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Patrick Lyoya: Then-officer who fatally shot Black man will stand trial for the killing in Grand Rapids, Michigan




CNN
 — 

The White former police officer who fatally shot Patrick Lyoya, a Black man, this year in Michigan will stand trial for the killing, according to a judge’s memo posted online and announced in court Monday.

Former Grand Rapids Police officer Christopher Schurr faces a single charge of second-degree murder, state District Court Judge Nicholas Ayoub said. He has pleaded not guilty.

Lyoya’s final moments were captured in videos released to the public that show him running away from Schurr before he is tackled to the ground and shot in the back of the head. Like the deaths of other Black men at the hands of police, the Lyoya case prompted protests, with demonstrators chanting, “Justice for Patrick.”

Second-degree murder in Michigan is a death caused by the defendant with malice and without justification or excuse.

The judge Monday found there was no real question whether the officer’s actions caused Lyoya’s death with malice, ruling, “The only real debatable question here is whether defendant’s actions were justified under the law.”

The prosecution presented probable cause to support the charge, Ayoub told the courtroom, describing his own role as a “very limited check” on prosecutors. A jury will be tasked with the fuller job of determining the facts and verdict in the case, he said.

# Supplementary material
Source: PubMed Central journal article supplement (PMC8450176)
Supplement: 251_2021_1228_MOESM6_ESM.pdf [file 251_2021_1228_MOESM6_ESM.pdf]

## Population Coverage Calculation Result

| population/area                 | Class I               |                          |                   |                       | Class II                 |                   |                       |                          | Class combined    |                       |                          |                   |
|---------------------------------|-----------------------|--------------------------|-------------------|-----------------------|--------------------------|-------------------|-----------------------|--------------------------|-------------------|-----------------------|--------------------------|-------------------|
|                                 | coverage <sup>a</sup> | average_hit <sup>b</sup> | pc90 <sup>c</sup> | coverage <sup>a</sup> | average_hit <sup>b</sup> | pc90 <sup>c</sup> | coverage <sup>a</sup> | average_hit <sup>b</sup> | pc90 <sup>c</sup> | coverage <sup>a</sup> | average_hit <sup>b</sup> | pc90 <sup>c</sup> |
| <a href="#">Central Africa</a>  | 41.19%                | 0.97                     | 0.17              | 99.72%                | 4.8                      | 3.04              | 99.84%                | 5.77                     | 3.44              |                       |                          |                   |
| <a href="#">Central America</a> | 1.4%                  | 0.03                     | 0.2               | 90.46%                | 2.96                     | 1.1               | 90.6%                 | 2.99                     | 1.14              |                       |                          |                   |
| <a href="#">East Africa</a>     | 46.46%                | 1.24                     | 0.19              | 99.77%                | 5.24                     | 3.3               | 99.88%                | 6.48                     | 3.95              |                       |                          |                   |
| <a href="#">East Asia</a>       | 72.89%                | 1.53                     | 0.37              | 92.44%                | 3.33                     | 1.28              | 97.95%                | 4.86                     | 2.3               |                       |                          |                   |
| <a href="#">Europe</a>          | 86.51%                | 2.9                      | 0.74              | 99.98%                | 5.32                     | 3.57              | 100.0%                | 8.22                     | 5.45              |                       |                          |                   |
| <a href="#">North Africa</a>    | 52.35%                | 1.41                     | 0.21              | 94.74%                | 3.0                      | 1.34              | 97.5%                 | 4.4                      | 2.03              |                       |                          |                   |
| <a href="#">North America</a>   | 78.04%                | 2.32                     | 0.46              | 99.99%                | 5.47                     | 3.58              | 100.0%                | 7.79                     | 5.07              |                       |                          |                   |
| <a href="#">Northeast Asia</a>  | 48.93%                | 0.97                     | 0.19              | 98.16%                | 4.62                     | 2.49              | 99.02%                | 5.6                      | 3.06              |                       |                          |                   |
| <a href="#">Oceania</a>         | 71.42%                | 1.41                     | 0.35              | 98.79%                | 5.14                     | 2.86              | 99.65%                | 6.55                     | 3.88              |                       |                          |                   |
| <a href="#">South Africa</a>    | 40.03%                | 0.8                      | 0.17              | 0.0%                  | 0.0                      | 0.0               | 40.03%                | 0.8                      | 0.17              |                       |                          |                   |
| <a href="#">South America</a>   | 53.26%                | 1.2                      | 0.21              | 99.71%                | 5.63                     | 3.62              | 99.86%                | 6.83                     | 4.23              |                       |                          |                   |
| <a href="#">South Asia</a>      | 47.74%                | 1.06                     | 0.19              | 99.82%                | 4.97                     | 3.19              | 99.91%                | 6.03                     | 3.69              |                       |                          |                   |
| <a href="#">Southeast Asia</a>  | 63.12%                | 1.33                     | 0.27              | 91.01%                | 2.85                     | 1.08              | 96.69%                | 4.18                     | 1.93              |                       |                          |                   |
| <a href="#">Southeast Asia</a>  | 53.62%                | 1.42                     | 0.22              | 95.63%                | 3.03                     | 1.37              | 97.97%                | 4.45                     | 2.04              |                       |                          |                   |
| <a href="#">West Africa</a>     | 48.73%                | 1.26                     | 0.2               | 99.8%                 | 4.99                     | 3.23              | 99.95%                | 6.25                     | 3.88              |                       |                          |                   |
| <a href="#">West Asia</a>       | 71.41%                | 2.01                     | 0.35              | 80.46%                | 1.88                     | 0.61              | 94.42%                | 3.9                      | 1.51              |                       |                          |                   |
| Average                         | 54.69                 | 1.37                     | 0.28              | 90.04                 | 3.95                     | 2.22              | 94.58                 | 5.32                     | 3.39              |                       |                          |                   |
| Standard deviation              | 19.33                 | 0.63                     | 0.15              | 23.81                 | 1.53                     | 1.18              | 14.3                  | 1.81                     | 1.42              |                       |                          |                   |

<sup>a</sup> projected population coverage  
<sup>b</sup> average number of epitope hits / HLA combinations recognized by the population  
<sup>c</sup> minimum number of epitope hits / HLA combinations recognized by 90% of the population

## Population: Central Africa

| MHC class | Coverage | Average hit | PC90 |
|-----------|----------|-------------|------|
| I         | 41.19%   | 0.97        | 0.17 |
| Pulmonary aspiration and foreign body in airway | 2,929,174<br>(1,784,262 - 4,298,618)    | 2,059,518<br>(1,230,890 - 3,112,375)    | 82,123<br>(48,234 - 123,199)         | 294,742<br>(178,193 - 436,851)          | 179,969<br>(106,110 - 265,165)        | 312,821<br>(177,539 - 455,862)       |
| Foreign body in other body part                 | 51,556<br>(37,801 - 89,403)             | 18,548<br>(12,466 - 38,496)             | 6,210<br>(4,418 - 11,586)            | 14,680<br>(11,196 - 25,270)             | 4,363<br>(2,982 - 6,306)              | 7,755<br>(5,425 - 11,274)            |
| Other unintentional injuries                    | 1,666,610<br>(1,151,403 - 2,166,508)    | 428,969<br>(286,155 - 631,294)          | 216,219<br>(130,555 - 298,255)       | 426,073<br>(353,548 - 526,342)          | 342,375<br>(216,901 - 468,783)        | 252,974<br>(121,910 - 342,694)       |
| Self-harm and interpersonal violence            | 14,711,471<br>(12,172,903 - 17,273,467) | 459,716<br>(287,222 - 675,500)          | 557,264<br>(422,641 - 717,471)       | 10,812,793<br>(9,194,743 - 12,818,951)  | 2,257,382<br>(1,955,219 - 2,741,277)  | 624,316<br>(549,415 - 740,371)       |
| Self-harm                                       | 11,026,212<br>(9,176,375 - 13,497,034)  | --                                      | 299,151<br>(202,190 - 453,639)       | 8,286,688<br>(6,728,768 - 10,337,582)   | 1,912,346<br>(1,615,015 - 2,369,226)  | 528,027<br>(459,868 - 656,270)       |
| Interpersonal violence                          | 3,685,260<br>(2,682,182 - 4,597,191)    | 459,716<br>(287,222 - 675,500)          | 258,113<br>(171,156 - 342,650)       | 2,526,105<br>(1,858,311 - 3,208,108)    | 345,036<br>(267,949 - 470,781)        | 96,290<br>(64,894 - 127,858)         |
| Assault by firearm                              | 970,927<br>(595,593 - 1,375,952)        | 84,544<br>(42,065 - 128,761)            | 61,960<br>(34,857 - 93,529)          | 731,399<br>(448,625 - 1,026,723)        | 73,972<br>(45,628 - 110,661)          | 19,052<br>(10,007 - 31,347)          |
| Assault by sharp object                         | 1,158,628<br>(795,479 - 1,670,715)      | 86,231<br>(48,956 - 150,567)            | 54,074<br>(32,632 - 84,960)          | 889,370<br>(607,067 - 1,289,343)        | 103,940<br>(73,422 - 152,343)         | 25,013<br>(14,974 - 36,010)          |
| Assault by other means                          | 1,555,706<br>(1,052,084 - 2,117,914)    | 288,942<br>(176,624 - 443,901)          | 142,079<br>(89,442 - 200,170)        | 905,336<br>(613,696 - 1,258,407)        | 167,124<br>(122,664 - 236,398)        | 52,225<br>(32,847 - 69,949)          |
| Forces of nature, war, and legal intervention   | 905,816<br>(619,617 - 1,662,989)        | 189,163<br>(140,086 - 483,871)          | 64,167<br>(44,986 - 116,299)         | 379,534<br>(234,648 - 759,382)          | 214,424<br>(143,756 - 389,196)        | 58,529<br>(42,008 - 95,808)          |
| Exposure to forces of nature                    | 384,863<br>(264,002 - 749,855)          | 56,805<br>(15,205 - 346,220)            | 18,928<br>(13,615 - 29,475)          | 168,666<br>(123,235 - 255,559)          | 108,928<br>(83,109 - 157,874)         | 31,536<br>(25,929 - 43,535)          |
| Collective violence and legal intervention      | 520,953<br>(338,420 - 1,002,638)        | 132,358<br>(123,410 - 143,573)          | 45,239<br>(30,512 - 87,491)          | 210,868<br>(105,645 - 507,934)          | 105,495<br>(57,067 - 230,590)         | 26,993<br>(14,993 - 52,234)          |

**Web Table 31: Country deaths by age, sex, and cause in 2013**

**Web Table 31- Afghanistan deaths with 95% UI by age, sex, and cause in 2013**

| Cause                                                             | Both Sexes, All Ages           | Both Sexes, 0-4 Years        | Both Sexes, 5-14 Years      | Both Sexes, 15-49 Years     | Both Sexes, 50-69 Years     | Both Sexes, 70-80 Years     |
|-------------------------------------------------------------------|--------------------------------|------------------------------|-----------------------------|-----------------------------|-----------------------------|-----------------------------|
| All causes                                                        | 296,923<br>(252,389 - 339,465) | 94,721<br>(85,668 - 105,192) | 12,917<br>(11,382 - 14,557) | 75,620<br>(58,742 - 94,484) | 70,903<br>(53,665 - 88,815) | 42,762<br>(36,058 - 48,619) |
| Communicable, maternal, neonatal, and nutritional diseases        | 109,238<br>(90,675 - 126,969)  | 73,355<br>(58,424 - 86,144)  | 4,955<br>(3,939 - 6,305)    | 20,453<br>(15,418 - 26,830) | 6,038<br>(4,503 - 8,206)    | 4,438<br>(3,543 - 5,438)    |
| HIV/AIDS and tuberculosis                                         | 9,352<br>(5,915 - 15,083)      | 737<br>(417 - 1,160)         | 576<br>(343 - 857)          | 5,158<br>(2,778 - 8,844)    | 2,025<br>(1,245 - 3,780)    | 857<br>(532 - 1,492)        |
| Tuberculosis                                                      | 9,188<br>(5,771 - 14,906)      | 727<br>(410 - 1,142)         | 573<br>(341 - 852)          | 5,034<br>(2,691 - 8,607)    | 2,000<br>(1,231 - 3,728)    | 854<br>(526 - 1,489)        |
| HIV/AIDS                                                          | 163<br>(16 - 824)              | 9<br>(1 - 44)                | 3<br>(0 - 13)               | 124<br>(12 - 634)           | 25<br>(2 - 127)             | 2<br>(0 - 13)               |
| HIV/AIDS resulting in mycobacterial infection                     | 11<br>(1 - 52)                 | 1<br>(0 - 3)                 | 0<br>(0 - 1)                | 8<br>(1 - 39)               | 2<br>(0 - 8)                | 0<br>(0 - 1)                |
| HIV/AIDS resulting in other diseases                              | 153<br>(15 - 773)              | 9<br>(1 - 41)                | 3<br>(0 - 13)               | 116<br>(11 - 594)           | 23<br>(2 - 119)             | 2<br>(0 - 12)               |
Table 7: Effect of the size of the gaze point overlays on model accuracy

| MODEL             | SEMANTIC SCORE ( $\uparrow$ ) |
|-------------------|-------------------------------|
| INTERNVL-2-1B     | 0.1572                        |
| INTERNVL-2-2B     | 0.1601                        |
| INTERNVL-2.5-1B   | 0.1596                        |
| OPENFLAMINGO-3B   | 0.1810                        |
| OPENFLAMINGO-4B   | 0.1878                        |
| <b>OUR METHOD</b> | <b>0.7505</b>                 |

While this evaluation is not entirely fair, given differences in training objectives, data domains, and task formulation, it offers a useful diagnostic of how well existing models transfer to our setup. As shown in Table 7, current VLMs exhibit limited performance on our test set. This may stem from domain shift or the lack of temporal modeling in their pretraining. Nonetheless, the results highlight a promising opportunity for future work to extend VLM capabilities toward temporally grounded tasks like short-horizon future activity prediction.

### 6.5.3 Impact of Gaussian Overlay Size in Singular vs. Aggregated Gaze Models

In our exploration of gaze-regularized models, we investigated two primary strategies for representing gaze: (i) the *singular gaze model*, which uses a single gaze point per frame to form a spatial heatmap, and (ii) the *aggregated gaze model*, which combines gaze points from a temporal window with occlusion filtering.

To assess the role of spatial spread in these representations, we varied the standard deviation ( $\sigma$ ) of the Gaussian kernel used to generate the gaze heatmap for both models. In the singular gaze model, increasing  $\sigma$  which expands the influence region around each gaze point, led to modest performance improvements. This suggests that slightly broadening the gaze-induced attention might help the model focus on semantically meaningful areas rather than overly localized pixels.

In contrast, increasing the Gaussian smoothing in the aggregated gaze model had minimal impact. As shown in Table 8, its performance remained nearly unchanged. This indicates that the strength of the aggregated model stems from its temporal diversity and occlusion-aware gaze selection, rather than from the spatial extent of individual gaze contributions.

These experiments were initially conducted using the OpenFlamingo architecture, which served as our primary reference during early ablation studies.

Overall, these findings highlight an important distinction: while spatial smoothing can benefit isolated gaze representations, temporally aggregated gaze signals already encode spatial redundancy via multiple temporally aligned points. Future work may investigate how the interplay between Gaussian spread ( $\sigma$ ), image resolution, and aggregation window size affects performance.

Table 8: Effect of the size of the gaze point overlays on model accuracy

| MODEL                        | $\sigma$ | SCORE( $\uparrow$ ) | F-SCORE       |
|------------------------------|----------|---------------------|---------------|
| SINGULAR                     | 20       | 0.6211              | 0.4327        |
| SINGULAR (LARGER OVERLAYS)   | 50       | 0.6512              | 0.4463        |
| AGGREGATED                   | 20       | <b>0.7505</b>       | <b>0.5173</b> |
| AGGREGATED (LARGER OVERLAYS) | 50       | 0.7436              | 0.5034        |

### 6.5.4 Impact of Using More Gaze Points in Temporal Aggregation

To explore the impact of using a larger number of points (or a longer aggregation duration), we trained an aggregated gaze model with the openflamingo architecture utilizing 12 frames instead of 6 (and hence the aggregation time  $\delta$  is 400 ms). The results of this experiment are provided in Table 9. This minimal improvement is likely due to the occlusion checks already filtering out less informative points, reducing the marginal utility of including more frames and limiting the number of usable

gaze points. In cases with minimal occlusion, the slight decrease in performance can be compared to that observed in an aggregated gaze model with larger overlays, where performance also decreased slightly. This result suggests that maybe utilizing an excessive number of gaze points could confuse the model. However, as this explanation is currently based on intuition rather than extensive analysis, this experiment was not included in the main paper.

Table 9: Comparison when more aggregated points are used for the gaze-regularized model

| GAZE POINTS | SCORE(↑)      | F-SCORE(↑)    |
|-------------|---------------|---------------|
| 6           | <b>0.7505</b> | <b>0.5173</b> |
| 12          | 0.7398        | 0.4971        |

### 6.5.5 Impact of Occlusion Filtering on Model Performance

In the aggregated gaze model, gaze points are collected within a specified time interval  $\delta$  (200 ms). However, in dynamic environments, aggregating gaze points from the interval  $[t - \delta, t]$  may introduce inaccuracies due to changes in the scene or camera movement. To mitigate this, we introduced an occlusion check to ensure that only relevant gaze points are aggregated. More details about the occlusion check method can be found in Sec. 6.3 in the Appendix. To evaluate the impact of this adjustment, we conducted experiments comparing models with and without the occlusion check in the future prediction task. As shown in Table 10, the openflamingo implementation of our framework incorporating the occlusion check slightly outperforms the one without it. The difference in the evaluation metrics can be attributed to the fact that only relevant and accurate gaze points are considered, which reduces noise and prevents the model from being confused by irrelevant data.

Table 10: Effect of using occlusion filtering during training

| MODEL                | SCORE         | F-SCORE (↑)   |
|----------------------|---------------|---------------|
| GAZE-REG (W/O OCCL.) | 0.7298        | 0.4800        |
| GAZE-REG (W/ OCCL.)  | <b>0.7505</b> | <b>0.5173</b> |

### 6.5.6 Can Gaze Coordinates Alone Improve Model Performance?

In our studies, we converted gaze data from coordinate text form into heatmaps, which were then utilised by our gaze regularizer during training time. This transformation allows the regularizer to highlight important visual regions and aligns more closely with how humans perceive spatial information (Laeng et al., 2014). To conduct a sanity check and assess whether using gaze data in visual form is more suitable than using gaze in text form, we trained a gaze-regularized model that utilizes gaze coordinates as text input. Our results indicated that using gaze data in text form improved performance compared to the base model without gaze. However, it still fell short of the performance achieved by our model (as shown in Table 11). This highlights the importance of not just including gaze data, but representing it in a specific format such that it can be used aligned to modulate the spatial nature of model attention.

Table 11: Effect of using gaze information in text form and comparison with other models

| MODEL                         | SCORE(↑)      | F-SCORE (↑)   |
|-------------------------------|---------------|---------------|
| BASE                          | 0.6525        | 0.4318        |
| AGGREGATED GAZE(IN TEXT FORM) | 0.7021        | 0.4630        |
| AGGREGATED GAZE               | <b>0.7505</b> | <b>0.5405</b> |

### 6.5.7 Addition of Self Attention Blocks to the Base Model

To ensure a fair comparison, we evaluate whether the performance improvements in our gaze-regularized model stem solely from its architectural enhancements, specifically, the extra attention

“The reasonableness of those actions can hardly be fully and fairly judged by one person in a black robe with 20/20 vision of hindsight and from the comfortable and safe vantage point of the high perch of the armor-plated judge’s bench,” the judge told those who attended.

“It is precisely, though, for this reason that questions of reasonableness and all questions of fact are determined by a jury after a full and fair trial.”

Wearing a gray suit, Schurr did not visibly react to the decision. His defense attorney waived circuit court arraignment on his behalf, and the judge stated that bond would be continued.

Lyoya family attorneys Ben Crump and Ven Johnson praised the judge’s ruling.

“The case will now rightfully move to trial, which is the next step in our pursuit for obtaining full and complete justice for the murder of Patrick Lyoya,” they said in a statement. “Our legal team will continue to fight to ensure former Grand Rapids police officer Christopher Schurr and the City of Grand Rapids are held accountable for his actions.”

The ruling comes just over six months after Schurr fatally shot Lyoya during a struggle as the officer tried to arrest him during a traffic stop. Schurr and Lyoya had grappled over his Taser, and after Lyoya gained control of the weapon, Schurr pulled out his firearm and killed him, the judge said in recounting the facts of the case.

Schurr was “justified in his use of force,” his lawyer Mark Dodge has argued. He was fired about two months after the encounter.

Lyoya had three outstanding warrants and a revoked driver’s license at the time he fled the traffic stop.